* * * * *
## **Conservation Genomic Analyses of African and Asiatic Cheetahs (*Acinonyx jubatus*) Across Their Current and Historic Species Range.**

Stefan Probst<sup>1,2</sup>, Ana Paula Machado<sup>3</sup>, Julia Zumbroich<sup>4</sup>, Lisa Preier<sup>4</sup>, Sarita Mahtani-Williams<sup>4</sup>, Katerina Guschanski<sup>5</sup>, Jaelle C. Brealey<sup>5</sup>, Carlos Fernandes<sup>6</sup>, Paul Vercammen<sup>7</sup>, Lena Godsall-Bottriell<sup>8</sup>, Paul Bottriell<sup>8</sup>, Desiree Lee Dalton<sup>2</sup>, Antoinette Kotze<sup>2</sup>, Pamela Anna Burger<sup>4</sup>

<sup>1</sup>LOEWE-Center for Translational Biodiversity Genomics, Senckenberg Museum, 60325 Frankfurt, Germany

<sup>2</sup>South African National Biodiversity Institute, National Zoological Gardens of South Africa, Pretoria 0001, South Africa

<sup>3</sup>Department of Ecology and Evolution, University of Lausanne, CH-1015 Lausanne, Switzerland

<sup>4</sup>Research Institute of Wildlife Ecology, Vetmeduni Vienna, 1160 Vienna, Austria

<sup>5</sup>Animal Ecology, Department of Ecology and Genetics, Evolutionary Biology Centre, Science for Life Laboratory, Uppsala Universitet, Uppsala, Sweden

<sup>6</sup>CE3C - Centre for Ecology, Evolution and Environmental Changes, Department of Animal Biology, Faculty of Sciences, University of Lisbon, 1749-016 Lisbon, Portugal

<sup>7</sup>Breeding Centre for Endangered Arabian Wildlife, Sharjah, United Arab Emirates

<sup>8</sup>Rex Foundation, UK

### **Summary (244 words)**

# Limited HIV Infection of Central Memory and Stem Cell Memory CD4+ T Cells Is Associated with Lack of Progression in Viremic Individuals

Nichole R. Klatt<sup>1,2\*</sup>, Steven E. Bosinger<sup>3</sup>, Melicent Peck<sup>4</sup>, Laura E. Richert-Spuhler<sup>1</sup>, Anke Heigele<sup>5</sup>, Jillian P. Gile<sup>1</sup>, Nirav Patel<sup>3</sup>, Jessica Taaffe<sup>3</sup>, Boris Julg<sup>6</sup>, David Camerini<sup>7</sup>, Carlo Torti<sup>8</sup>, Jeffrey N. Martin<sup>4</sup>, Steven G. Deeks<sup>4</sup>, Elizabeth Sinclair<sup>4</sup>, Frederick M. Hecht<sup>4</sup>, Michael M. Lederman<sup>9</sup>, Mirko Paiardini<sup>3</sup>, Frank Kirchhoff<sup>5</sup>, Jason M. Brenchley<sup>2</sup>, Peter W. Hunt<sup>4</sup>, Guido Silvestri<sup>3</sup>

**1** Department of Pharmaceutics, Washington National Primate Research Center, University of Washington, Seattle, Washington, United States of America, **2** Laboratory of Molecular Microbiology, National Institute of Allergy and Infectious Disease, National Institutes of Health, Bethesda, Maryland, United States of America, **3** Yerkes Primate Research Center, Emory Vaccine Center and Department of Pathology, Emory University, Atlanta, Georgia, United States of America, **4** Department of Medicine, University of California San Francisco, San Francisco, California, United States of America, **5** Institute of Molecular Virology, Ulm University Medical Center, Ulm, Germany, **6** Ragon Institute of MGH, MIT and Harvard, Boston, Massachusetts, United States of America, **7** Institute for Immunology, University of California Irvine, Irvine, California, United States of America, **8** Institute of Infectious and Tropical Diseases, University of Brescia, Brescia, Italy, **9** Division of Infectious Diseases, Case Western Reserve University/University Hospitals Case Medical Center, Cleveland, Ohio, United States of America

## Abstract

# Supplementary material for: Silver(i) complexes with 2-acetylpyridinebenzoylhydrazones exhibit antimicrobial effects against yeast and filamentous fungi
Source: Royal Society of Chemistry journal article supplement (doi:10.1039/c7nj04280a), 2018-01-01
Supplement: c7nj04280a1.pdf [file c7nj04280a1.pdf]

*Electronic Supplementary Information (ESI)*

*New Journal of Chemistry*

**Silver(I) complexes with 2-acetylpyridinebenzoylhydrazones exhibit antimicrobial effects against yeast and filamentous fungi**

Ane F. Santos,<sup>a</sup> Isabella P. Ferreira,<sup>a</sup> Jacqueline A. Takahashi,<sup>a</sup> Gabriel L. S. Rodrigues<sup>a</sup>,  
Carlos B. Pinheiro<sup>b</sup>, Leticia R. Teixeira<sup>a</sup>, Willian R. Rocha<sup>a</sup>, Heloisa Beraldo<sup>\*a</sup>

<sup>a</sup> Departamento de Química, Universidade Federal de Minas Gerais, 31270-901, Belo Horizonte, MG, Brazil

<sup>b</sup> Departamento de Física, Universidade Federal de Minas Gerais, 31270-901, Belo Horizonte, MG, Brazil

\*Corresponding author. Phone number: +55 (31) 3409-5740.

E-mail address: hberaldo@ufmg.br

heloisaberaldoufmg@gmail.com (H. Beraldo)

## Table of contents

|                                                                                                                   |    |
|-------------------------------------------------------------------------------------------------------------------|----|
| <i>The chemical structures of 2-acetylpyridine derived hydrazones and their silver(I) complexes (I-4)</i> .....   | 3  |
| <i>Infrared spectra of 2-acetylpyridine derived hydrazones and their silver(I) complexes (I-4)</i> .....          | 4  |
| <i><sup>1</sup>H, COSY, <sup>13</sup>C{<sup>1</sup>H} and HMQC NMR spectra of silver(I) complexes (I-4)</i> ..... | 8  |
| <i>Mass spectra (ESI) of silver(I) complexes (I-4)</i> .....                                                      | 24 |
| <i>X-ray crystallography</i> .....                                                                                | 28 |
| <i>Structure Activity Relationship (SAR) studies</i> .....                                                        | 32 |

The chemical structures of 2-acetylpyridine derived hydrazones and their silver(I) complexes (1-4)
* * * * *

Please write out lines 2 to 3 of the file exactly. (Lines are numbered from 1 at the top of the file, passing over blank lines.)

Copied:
Stefan Probst<sup>1,2</sup>, Ana Paula Machado<sup>3</sup>, Julia Zumbroich<sup>4</sup>, Lisa Preier<sup>4</sup>, Sarita Mahtani-Williams<sup>4</sup>, Katerina Guschanski<sup>5</sup>, Jaelle C. Brealey<sup>5</sup>, Carlos Fernandes<sup>6</sup>, Paul Vercammen<sup>7</sup>, Lena Godsall-Bottriell<sup>8</sup>, Paul Bottriell<sup>8</sup>, Desiree Lee Dalton<sup>2</sup>, Antoinette Kotze<sup>2</sup>, Pamela Anna Burger<sup>4</sup>

<sup>1</sup>LOEWE-Center for Translational Biodiversity Genomics, Senckenberg Museum, 60325 Frankfurt, Germany